John William Waterhouse. St. Eulalia. 1885. Oil on canvas. 74 1/4 x 46 1/4 inches. Tate Gallery, London.
According to Christopher Wood, Waterhouse's Roman period culminated in this painting and The favourites of the Emperor Honorius, a work that closely follows the approach of Alma-Tadema. In St. Eulalia, which " secured for Waterhouse his election as an associate"of the Royal Academy, the painter combined
a Roman subject with a Christian one, a device much used by later Victorian and Edwardian painters. The setting and the architectural background are typically Alma-Tadema, but the dramatically foreshortened figure of the dead saint is a bold and original touch. although recently martyred, the young girl's body shows no signs of torture or bloodshed. This kind of realism was not for Waterhouse. The semi-naked figure of an attractive girl, her long hair spread out around her, anticipates the nymphs and goddesses that were to populate his later classical pictures. For Waterhouse realism was always modified by his ideas of beauty, which were those of a conventional and decorous Victorian Royal Academician. Waterhouse could interpret a theme with considerable dramatic power, but he used realism only to heighten the imaginative and poetic mood, not to bring the ugly facts of life and death before our eyes.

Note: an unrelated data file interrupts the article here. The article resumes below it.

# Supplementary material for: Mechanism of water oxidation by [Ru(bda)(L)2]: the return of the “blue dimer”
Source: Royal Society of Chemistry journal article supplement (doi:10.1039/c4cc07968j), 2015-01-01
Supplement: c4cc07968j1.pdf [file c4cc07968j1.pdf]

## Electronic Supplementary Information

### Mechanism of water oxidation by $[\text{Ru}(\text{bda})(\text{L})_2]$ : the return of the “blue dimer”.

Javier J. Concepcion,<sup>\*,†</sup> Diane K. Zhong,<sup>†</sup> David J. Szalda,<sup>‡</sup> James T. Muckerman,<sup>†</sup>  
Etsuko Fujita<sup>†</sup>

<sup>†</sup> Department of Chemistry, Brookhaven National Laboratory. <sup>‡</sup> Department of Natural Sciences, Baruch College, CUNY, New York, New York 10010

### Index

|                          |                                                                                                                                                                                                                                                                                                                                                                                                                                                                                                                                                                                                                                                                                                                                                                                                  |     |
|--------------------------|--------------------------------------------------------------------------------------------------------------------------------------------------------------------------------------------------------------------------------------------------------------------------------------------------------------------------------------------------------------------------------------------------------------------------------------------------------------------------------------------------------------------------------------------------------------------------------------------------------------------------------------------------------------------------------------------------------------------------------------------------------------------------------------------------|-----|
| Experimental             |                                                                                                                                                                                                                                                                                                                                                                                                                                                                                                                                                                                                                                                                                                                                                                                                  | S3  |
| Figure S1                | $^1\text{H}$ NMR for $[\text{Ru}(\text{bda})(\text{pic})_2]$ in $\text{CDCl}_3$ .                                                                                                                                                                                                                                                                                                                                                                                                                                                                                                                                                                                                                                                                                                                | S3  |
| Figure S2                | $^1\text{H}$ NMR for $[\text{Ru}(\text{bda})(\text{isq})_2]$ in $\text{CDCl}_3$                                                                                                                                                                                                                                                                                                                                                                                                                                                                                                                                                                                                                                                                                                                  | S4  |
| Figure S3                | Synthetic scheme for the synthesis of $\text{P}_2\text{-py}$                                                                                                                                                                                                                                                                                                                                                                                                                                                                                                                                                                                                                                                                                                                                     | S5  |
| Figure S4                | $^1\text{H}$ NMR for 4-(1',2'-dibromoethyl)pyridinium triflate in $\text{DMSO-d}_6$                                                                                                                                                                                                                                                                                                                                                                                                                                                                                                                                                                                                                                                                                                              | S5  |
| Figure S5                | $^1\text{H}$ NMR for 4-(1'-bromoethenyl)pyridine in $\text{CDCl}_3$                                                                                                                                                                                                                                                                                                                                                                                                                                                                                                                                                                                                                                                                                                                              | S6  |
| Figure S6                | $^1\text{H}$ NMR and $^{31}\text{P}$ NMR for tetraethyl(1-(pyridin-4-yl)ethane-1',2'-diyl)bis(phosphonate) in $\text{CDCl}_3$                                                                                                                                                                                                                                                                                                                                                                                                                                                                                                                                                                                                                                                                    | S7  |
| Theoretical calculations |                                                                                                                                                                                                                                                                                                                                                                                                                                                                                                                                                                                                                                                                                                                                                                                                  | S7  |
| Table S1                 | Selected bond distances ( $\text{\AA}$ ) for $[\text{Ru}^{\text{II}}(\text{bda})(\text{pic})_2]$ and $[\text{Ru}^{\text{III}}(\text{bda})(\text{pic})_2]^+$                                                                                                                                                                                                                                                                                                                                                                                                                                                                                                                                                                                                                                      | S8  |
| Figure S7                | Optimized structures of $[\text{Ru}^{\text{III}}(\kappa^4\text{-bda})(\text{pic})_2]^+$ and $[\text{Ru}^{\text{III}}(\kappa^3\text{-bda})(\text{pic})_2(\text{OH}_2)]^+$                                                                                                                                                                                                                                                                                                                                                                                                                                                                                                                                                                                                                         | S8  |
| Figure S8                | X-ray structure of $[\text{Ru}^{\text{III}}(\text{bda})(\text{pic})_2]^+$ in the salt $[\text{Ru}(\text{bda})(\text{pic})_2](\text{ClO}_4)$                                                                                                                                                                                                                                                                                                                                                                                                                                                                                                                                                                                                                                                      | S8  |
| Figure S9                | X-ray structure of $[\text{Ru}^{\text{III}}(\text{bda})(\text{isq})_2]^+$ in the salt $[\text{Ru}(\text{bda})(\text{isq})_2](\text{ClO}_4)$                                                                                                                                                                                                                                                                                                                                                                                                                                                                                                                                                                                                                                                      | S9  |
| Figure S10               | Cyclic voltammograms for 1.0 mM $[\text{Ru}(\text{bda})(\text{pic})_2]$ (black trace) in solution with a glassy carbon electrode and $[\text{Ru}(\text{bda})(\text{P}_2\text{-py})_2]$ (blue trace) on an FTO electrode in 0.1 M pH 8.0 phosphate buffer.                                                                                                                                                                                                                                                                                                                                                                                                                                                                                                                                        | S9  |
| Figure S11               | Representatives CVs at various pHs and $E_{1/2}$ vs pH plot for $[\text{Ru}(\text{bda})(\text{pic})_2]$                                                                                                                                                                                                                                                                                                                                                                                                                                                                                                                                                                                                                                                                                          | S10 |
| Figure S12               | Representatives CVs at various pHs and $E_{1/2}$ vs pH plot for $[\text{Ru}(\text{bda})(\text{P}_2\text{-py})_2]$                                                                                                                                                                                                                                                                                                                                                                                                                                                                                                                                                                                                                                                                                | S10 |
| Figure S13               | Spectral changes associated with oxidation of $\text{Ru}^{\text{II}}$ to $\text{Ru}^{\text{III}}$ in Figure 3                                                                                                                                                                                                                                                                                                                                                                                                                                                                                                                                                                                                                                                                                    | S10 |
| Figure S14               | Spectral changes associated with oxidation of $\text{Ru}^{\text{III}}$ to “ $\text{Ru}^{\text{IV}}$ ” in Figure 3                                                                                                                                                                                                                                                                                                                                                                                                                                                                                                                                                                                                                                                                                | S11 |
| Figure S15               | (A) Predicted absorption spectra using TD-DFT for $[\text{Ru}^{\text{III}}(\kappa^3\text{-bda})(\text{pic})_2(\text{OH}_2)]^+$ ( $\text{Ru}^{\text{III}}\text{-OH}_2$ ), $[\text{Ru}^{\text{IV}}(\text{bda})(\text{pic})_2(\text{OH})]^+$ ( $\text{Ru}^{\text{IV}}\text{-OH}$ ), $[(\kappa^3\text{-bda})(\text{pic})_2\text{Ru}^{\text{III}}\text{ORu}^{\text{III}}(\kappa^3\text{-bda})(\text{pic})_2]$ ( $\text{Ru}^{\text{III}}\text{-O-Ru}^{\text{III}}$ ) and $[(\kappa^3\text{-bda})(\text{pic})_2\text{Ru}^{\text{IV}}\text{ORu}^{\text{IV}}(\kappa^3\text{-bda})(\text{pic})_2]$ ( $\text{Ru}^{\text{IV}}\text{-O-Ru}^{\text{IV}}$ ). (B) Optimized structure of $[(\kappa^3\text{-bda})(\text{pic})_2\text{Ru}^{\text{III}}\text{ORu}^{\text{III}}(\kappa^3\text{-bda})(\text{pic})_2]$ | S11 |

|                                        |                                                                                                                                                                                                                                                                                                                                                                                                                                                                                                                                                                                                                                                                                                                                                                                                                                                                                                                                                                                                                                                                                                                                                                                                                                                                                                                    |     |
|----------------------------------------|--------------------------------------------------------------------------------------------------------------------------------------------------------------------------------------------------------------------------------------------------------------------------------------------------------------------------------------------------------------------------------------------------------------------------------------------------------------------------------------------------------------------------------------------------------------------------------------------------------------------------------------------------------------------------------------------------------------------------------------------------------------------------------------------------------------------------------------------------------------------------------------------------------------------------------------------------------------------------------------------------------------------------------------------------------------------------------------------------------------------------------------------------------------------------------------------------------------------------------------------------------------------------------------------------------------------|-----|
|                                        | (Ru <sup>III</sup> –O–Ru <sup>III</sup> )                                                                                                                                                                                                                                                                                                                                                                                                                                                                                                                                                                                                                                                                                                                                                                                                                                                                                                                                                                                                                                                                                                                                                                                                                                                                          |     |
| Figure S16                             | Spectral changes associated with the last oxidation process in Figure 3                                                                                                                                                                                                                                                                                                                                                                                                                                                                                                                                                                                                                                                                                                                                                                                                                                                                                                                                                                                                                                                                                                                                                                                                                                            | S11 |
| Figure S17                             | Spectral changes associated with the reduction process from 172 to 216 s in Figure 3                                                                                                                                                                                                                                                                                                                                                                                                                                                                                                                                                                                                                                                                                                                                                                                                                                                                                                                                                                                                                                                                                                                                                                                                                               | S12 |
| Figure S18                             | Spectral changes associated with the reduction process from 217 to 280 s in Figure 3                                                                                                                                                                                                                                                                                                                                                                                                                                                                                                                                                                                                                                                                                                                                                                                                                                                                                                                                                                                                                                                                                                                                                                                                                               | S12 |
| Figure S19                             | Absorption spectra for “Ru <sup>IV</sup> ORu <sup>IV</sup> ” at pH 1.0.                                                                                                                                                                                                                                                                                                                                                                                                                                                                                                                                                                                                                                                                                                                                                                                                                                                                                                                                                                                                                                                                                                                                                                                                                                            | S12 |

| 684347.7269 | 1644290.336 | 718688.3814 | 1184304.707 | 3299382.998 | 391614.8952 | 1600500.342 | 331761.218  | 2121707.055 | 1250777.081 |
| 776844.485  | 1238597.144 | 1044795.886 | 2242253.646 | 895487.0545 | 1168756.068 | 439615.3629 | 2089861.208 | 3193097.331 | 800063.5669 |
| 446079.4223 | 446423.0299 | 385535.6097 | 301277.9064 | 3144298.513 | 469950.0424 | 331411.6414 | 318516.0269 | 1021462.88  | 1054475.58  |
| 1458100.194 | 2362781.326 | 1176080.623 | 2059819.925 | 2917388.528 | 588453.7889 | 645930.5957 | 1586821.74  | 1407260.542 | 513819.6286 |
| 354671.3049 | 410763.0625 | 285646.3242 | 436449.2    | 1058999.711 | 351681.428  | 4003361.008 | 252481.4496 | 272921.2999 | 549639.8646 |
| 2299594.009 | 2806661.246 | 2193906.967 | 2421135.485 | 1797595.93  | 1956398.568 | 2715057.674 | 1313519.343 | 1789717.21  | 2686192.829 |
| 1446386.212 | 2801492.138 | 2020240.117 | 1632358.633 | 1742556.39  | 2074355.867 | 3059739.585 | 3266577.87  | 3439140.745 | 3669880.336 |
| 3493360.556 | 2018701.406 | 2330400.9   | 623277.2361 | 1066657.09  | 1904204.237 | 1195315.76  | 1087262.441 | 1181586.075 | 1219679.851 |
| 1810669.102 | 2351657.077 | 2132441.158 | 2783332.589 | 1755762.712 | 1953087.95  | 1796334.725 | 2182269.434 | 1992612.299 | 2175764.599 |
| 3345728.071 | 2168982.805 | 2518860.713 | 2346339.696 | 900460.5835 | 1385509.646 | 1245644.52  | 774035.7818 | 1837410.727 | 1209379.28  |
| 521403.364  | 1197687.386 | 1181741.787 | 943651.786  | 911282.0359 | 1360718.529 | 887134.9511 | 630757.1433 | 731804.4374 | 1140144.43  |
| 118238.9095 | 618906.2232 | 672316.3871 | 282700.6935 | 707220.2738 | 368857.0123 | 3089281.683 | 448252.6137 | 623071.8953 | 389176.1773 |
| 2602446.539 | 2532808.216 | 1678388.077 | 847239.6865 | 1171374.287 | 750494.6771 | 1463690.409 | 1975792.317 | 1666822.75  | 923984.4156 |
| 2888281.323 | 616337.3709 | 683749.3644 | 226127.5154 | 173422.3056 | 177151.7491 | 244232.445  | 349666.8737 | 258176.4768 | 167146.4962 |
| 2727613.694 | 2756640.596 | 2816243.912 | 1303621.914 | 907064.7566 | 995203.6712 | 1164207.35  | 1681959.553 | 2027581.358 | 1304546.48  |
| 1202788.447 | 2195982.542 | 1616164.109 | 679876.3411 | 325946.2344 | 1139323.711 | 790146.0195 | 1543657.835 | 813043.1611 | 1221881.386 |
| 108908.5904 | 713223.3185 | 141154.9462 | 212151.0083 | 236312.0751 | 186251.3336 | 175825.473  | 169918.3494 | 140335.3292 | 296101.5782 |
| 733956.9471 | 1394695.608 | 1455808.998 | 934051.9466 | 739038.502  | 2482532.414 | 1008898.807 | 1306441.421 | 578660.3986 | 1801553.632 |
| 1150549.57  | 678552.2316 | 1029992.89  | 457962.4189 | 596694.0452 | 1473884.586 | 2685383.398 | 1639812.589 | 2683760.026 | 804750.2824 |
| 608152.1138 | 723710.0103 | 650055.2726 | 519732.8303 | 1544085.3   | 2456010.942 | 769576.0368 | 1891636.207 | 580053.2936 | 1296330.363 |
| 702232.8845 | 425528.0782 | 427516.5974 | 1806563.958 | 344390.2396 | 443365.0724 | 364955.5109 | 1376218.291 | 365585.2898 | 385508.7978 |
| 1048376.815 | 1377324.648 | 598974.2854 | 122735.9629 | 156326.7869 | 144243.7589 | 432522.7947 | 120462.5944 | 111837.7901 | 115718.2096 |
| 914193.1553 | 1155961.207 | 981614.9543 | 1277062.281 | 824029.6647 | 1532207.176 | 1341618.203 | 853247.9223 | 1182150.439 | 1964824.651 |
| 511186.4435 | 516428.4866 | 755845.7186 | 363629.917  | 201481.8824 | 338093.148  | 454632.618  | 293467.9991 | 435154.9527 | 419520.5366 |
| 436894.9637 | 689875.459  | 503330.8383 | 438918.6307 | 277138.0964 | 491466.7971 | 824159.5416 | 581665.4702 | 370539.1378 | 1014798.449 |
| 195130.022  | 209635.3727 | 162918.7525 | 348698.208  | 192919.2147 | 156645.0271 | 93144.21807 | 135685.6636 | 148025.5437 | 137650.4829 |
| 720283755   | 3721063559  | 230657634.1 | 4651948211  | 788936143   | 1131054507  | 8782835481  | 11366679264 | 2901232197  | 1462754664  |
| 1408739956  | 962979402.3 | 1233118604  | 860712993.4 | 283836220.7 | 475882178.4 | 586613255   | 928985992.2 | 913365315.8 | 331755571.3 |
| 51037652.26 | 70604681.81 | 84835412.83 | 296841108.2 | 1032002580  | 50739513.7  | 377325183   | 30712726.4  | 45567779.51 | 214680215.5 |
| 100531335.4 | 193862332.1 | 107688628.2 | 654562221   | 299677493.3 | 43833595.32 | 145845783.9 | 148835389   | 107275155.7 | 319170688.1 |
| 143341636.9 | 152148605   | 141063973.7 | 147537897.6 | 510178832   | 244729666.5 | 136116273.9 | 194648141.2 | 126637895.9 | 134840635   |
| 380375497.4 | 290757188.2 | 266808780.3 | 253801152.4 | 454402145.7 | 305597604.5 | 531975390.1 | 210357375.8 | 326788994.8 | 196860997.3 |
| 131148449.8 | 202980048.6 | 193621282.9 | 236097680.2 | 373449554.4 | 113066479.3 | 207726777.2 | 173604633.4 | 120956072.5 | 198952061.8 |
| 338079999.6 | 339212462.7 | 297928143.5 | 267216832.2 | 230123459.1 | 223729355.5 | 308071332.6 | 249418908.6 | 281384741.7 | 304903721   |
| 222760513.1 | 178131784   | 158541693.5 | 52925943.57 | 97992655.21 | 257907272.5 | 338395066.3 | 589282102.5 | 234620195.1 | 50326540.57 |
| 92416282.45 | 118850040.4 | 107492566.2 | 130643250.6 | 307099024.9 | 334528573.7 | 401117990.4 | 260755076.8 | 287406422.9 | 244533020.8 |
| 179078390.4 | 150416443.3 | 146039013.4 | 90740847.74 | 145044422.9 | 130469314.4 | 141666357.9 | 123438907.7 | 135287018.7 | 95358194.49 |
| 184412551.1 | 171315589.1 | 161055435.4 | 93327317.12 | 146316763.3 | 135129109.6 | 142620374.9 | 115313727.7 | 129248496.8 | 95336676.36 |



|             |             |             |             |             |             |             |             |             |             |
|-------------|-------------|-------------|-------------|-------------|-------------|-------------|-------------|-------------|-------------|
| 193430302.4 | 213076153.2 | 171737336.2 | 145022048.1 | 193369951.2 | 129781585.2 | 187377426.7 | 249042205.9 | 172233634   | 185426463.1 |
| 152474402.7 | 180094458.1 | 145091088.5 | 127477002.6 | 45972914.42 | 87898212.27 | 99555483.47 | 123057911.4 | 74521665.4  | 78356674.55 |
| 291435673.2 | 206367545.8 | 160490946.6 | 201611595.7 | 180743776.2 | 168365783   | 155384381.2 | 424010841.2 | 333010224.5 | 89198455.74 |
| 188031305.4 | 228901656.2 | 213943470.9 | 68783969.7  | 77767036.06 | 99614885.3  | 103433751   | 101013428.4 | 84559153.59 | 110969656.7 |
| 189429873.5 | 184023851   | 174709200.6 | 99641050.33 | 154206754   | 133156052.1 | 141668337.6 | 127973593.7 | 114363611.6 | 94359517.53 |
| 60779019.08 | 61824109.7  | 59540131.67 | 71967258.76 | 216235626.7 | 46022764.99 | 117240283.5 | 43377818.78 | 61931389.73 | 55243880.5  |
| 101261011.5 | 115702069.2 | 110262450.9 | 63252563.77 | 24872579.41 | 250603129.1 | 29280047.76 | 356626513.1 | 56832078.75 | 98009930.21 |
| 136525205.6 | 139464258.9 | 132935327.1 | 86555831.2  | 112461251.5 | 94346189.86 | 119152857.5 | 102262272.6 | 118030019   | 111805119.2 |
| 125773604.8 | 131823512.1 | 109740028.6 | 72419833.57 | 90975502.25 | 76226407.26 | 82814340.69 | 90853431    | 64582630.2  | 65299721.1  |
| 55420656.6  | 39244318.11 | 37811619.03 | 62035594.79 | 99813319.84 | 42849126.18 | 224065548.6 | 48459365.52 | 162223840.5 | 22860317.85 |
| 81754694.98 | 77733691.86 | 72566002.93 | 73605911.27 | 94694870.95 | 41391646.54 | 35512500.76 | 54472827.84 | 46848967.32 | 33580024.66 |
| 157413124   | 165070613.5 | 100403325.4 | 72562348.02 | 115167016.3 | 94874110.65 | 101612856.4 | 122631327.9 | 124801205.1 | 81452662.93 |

Hobson, Anthony. The Art and Life of J. W. Waterhouse, RA, 1849-1917. London: Studo Vista/Christie's, 1980.
Wood, Christopher. Olympian Dreamers: Victorian Classical Painters. London: Constable, 1983.